In Macau, Spa at Wynn Macau retained its 5 stars. The Spa at Altira moved up from 4 to 5 stars. The Spa at The Four Seasons Macau earned its first 4 stars. Six Senses Spa at the MGM Grand Macau and V Spa at The Venetian Macao all retained their 4 star ranking.
In Beijing, the only other city in Greater China surveyed for the ranking, 4 stars were awarded to The Spa at Ritz-Carlton, Spa at Aman Resort at Summer Palace and The Peninsula Spa.
A total of 18 spas were awarded 5-star status worldwide. All of the rest were in the United States. Another 100 spas received 4-star ratings.

Until 2008, guides were limited to the United States and Canada. In that year, its first two international editions – one for Beijing and another for Hong Kong and Macau – were launched. More international destinations are expected to added in the years to come.

Properties are inspected without advance warning. There are two types of inspections: facility inspections and service evaluations. Facility inspectors rate spas on cleanliness, physical condition and location. Those spas passing the first inspection are evaluated a second time by an anonymous inspector, whose evaluation is based on more than 500 service standards.

The Forbes Travel Guide was formerly known as the Mobil Travel Guide. The transition was announced recently in the Accidental Travel Writer. The list has a history of more than 50 years.

Copyright: Michael Taylor

Eight Wonders of the World

The ancient Greeks believed that there were Seven Wonders of the World. These included the Great Pyramid of Giza, the Hanging Gardens of Babylon, the Statue of Zeus at Olympia, the Temple of Artemis at Ephesus, the Mausoleum of Maussollos at Halicarnassus, the Colossus of Rhodes, and the Lighthouse of Alexandria. Not surprisingly, they were all located around the Mediterranean.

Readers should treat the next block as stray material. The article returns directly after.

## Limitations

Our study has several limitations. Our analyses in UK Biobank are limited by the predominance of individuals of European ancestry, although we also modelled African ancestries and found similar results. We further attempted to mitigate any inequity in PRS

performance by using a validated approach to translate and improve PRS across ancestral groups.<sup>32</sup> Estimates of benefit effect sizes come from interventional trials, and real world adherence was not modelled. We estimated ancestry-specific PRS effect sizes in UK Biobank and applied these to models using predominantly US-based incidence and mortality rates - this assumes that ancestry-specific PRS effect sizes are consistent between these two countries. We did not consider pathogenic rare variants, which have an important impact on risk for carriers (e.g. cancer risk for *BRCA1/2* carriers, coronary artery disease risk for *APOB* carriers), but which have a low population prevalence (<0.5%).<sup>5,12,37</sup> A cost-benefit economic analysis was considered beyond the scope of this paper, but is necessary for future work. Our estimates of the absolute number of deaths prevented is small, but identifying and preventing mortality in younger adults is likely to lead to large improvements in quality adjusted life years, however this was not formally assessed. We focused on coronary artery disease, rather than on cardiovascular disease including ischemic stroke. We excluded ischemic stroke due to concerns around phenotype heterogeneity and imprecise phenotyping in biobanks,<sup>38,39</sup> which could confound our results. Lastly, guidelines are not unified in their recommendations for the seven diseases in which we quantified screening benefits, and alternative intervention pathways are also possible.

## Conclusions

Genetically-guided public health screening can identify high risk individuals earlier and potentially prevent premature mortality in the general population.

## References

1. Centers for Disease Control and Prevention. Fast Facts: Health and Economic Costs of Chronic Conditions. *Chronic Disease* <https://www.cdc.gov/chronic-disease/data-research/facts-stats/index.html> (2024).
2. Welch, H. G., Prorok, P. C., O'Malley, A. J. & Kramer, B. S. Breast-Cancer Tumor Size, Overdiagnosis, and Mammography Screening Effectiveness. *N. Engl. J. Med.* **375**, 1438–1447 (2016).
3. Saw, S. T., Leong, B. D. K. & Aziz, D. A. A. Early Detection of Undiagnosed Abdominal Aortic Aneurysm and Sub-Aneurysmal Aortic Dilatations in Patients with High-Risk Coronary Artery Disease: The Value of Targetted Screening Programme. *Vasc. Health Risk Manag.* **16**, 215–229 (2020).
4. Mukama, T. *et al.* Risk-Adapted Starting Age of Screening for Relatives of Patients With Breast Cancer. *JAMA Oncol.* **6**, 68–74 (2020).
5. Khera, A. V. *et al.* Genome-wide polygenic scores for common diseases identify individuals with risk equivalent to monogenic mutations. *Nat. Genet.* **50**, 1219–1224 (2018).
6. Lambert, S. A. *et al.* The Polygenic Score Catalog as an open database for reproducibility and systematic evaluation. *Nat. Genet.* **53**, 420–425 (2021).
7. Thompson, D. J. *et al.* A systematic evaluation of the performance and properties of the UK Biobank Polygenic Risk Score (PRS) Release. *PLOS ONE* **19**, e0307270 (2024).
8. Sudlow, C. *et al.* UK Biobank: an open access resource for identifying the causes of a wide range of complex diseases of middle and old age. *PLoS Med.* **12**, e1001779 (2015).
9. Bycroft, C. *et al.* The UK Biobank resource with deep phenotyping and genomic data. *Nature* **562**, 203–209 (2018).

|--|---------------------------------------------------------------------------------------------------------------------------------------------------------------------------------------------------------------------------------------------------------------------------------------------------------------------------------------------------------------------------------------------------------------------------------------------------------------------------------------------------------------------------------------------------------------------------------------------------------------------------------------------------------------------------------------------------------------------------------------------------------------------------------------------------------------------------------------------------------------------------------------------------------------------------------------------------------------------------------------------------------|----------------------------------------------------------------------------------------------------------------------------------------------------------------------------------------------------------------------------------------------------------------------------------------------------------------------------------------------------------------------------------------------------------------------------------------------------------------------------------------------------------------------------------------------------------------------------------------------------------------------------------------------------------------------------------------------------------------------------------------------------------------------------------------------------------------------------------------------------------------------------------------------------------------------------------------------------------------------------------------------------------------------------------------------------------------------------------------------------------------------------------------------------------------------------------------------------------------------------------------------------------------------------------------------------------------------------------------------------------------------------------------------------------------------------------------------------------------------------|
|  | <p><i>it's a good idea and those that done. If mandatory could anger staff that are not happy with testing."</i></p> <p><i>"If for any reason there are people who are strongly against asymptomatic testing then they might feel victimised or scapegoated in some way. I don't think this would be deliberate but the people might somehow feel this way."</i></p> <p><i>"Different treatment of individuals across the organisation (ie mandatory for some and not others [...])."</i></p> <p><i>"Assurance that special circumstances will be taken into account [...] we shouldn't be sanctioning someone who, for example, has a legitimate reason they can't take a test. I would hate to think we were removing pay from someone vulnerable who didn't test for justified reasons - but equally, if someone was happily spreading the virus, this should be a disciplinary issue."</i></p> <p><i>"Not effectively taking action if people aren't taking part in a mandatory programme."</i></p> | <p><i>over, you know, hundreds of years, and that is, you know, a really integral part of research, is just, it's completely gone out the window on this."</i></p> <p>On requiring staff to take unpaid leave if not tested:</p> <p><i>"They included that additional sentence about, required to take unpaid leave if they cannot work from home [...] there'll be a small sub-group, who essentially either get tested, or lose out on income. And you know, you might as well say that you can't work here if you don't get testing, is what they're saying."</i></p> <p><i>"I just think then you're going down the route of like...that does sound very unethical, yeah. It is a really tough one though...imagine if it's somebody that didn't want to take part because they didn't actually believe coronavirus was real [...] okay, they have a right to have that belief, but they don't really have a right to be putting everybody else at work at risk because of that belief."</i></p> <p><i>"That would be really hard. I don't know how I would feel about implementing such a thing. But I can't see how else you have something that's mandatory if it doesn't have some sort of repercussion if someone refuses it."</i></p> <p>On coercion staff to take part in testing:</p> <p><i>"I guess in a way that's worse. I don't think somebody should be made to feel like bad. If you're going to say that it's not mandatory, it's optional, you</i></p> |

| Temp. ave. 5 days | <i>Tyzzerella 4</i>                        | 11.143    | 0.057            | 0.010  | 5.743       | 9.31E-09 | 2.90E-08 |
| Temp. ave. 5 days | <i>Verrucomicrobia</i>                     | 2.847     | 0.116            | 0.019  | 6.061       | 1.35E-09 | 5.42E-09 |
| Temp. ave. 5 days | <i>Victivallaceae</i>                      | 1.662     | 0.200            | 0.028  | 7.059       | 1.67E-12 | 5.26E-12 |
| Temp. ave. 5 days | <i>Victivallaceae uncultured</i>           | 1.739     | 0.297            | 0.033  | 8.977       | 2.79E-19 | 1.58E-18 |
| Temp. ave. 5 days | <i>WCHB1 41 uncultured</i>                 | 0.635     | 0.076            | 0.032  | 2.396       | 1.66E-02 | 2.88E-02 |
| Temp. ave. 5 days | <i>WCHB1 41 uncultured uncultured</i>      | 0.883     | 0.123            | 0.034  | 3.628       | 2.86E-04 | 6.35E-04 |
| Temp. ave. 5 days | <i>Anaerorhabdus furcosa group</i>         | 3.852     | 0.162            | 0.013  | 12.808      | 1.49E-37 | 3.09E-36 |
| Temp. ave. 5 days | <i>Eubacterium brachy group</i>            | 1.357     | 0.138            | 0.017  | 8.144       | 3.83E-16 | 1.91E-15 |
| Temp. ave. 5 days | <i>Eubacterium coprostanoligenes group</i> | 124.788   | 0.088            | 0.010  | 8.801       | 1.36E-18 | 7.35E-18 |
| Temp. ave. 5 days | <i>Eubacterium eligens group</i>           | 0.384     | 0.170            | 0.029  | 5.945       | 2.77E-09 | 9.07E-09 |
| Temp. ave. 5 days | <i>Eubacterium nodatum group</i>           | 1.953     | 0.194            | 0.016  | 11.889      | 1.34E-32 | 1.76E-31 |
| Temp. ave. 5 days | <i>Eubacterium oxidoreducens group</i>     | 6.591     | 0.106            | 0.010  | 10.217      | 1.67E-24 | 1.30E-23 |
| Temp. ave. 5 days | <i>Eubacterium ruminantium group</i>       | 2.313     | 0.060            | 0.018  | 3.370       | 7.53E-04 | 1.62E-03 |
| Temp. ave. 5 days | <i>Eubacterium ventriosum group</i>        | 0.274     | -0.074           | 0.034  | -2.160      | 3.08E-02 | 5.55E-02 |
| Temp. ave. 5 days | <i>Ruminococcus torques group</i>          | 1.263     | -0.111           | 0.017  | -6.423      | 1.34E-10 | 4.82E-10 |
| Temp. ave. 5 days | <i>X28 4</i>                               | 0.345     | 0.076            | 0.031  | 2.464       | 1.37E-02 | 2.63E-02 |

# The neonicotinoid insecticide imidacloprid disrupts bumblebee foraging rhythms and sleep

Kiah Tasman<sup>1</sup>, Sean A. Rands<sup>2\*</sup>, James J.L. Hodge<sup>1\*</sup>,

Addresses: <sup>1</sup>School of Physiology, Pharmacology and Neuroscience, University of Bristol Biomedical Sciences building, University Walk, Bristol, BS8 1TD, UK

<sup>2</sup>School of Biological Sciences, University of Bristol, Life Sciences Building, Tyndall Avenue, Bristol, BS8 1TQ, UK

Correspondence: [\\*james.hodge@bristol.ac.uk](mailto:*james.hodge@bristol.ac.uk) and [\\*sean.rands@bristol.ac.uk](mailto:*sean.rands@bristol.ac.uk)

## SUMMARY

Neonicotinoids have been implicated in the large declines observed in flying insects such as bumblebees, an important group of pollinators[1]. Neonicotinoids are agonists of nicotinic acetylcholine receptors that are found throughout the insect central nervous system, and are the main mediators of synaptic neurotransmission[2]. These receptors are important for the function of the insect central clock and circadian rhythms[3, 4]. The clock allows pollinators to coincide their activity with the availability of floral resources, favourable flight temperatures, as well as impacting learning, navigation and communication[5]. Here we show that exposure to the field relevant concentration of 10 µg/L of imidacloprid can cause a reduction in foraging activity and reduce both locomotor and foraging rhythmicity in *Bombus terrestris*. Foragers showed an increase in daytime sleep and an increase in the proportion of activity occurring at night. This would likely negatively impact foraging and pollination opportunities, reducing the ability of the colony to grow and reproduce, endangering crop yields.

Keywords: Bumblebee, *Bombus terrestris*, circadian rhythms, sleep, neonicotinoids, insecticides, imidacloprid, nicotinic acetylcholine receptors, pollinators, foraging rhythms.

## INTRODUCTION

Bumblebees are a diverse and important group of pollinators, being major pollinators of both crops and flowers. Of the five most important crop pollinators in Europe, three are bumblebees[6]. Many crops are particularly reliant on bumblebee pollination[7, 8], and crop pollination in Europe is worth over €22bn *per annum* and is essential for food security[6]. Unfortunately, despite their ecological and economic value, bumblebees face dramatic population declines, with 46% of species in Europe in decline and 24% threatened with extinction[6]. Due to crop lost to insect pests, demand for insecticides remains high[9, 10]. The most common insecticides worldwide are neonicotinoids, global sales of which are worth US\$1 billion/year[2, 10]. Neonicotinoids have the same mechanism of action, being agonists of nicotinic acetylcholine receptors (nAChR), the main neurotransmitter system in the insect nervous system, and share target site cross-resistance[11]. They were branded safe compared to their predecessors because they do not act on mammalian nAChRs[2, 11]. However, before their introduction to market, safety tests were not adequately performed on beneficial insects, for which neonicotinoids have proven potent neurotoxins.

In 2001, the Swiss-based New7Wonders Foundation launched an initiative to select the New Seven Wonders of the World. Much to the annoyance of Egypt – home to the only surviving remnant from the original Wonders of the Ancient World – the Great Pyramid of Giza was in contention with such 20th century marvels as the Statue of Liberty in New York and the Sydney Opera House in Australia.

The results, announced in the summer of 2007, were as follow: the Great Wall of China; Petra, an archaeological site in Jordan; Christ the Redeemer, a statue of Jesus Christ built atop Corcovado Mountain in the Brazilian city of Rio de Janeiro; Machu Picchu, the Lost City of the Incas, in Peru; Chichen Itza, a pre-Columbian architectural site in Mexico’s Yucatan Peninsula; the Roman Colosseum, an amphitheater located in the heart of Rome, Italy; and the Taj Mahal, a mausoleum located in Agra, India, which was built by a Mughal emperor in memory of his favourite wife. The Great Pyramid of Giza in Egypt was named an “honorary candidate,” bringing the total to eight.